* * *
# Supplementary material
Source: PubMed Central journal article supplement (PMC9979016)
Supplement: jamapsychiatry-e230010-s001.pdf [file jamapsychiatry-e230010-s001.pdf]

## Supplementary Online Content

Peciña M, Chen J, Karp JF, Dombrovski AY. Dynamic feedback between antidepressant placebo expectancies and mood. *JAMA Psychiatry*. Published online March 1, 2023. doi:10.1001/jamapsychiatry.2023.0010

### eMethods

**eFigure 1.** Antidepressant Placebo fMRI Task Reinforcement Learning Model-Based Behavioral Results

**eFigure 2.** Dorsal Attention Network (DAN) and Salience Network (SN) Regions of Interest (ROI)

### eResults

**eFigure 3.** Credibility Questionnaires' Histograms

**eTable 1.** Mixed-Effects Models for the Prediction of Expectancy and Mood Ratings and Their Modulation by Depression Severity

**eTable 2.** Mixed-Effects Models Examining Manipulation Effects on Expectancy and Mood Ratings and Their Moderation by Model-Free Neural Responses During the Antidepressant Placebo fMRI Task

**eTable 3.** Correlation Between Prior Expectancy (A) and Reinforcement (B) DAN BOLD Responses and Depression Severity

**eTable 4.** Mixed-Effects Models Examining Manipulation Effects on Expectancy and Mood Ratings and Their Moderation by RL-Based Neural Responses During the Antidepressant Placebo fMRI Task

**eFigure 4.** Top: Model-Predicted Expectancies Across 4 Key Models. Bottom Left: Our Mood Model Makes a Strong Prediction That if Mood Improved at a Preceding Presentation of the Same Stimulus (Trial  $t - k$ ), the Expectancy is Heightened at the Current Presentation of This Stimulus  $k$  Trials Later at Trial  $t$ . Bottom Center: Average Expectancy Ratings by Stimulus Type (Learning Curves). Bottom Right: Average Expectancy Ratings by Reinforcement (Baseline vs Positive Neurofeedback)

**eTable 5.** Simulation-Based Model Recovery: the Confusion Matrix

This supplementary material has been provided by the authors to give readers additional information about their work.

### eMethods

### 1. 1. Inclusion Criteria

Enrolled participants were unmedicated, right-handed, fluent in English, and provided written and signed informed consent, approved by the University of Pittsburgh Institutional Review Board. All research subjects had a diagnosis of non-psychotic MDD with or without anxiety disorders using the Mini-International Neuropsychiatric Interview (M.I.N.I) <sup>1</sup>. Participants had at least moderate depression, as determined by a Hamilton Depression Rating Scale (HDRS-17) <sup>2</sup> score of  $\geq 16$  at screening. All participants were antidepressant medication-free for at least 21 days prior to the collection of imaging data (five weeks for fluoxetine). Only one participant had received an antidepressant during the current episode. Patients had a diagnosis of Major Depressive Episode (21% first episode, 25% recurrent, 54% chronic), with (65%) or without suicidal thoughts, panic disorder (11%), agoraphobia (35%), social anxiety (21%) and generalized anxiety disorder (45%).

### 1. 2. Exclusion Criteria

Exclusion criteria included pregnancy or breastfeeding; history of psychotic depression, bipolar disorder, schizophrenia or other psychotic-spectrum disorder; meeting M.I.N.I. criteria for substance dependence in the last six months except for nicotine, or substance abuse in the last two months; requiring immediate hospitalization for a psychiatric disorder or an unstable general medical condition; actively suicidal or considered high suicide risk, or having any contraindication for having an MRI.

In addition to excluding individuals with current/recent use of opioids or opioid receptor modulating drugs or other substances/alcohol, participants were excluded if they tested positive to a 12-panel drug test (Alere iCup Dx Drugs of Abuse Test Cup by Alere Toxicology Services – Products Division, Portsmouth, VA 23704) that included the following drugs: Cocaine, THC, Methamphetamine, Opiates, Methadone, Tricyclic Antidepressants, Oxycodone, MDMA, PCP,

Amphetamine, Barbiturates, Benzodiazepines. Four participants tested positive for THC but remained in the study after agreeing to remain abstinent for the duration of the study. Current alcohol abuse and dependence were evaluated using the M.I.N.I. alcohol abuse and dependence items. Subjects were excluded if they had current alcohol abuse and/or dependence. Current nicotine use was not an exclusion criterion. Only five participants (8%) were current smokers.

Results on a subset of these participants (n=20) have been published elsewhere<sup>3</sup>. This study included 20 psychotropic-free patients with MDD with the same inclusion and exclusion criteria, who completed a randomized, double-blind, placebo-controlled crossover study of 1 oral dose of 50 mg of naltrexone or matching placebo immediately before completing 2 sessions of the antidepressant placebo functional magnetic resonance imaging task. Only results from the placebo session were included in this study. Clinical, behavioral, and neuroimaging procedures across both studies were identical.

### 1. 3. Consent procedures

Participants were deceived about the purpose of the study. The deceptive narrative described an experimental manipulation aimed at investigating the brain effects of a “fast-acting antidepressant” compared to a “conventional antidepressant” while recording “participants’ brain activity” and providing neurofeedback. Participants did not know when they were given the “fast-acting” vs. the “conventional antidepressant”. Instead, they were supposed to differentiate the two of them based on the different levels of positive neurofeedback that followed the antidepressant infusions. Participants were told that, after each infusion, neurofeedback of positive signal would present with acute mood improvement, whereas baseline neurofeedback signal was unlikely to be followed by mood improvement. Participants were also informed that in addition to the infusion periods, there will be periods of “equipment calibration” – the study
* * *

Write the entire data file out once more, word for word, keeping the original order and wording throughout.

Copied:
# Supplementary material
Source: PubMed Central journal article supplement (PMC9979016)
Supplement: jamapsychiatry-e230010-s001.pdf [file jamapsychiatry-e230010-s001.pdf]

## Supplementary Online Content

Peciña M, Chen J, Karp JF, Dombrovski AY. Dynamic feedback between antidepressant placebo expectancies and mood. *JAMA Psychiatry*. Published online March 1, 2023. doi:10.1001/jamapsychiatry.2023.0010

### eMethods

**eFigure 1.** Antidepressant Placebo fMRI Task Reinforcement Learning Model-Based Behavioral Results

**eFigure 2.** Dorsal Attention Network (DAN) and Salience Network (SN) Regions of Interest (ROI)

### eResults

**eFigure 3.** Credibility Questionnaires' Histograms

**eTable 1.** Mixed-Effects Models for the Prediction of Expectancy and Mood Ratings and Their Modulation by Depression Severity

**eTable 2.** Mixed-Effects Models Examining Manipulation Effects on Expectancy and Mood Ratings and Their Moderation by Model-Free Neural Responses During the Antidepressant Placebo fMRI Task

**eTable 3.** Correlation Between Prior Expectancy (A) and Reinforcement (B) DAN BOLD Responses and Depression Severity

**eTable 4.** Mixed-Effects Models Examining Manipulation Effects on Expectancy and Mood Ratings and Their Moderation by RL-Based Neural Responses During the Antidepressant Placebo fMRI Task

**eFigure 4.** Top: Model-Predicted Expectancies Across 4 Key Models. Bottom Left: Our Mood Model Makes a Strong Prediction That if Mood Improved at a Preceding Presentation of the Same Stimulus (Trial  $t - k$ ), the Expectancy is Heightened at the Current Presentation of This Stimulus  $k$  Trials Later at Trial  $t$ . Bottom Center: Average Expectancy Ratings by Stimulus Type (Learning Curves). Bottom Right: Average Expectancy Ratings by Reinforcement (Baseline vs Positive Neurofeedback)

**eTable 5.** Simulation-Based Model Recovery: the Confusion Matrix

This supplementary material has been provided by the authors to give readers additional information about their work.

### eMethods

### 1. 1. Inclusion Criteria

Enrolled participants were unmedicated, right-handed, fluent in English, and provided written and signed informed consent, approved by the University of Pittsburgh Institutional Review Board. All research subjects had a diagnosis of non-psychotic MDD with or without anxiety disorders using the Mini-International Neuropsychiatric Interview (M.I.N.I) <sup>1</sup>. Participants had at least moderate depression, as determined by a Hamilton Depression Rating Scale (HDRS-17) <sup>2</sup> score of  $\geq 16$  at screening. All participants were antidepressant medication-free for at least 21 days prior to the collection of imaging data (five weeks for fluoxetine). Only one participant had received an antidepressant during the current episode. Patients had a diagnosis of Major Depressive Episode (21% first episode, 25% recurrent, 54% chronic), with (65%) or without suicidal thoughts, panic disorder (11%), agoraphobia (35%), social anxiety (21%) and generalized anxiety disorder (45%).

### 1. 2. Exclusion Criteria

Exclusion criteria included pregnancy or breastfeeding; history of psychotic depression, bipolar disorder, schizophrenia or other psychotic-spectrum disorder; meeting M.I.N.I. criteria for substance dependence in the last six months except for nicotine, or substance abuse in the last two months; requiring immediate hospitalization for a psychiatric disorder or an unstable general medical condition; actively suicidal or considered high suicide risk, or having any contraindication for having an MRI.

In addition to excluding individuals with current/recent use of opioids or opioid receptor modulating drugs or other substances/alcohol, participants were excluded if they tested positive to a 12-panel drug test (Alere iCup Dx Drugs of Abuse Test Cup by Alere Toxicology Services – Products Division, Portsmouth, VA 23704) that included the following drugs: Cocaine, THC, Methamphetamine, Opiates, Methadone, Tricyclic Antidepressants, Oxycodone, MDMA, PCP,

Amphetamine, Barbiturates, Benzodiazepines. Four participants tested positive for THC but remained in the study after agreeing to remain abstinent for the duration of the study. Current alcohol abuse and dependence were evaluated using the M.I.N.I. alcohol abuse and dependence items. Subjects were excluded if they had current alcohol abuse and/or dependence. Current nicotine use was not an exclusion criterion. Only five participants (8%) were current smokers.

Results on a subset of these participants (n=20) have been published elsewhere<sup>3</sup>. This study included 20 psychotropic-free patients with MDD with the same inclusion and exclusion criteria, who completed a randomized, double-blind, placebo-controlled crossover study of 1 oral dose of 50 mg of naltrexone or matching placebo immediately before completing 2 sessions of the antidepressant placebo functional magnetic resonance imaging task. Only results from the placebo session were included in this study. Clinical, behavioral, and neuroimaging procedures across both studies were identical.

### 1. 3. Consent procedures

Participants were deceived about the purpose of the study. The deceptive narrative described an experimental manipulation aimed at investigating the brain effects of a “fast-acting antidepressant” compared to a “conventional antidepressant” while recording “participants’ brain activity” and providing neurofeedback. Participants did not know when they were given the “fast-acting” vs. the “conventional antidepressant”. Instead, they were supposed to differentiate the two of them based on the different levels of positive neurofeedback that followed the antidepressant infusions. Participants were told that, after each infusion, neurofeedback of positive signal would present with acute mood improvement, whereas baseline neurofeedback signal was unlikely to be followed by mood improvement. Participants were also informed that in addition to the infusion periods, there will be periods of “equipment calibration” – the study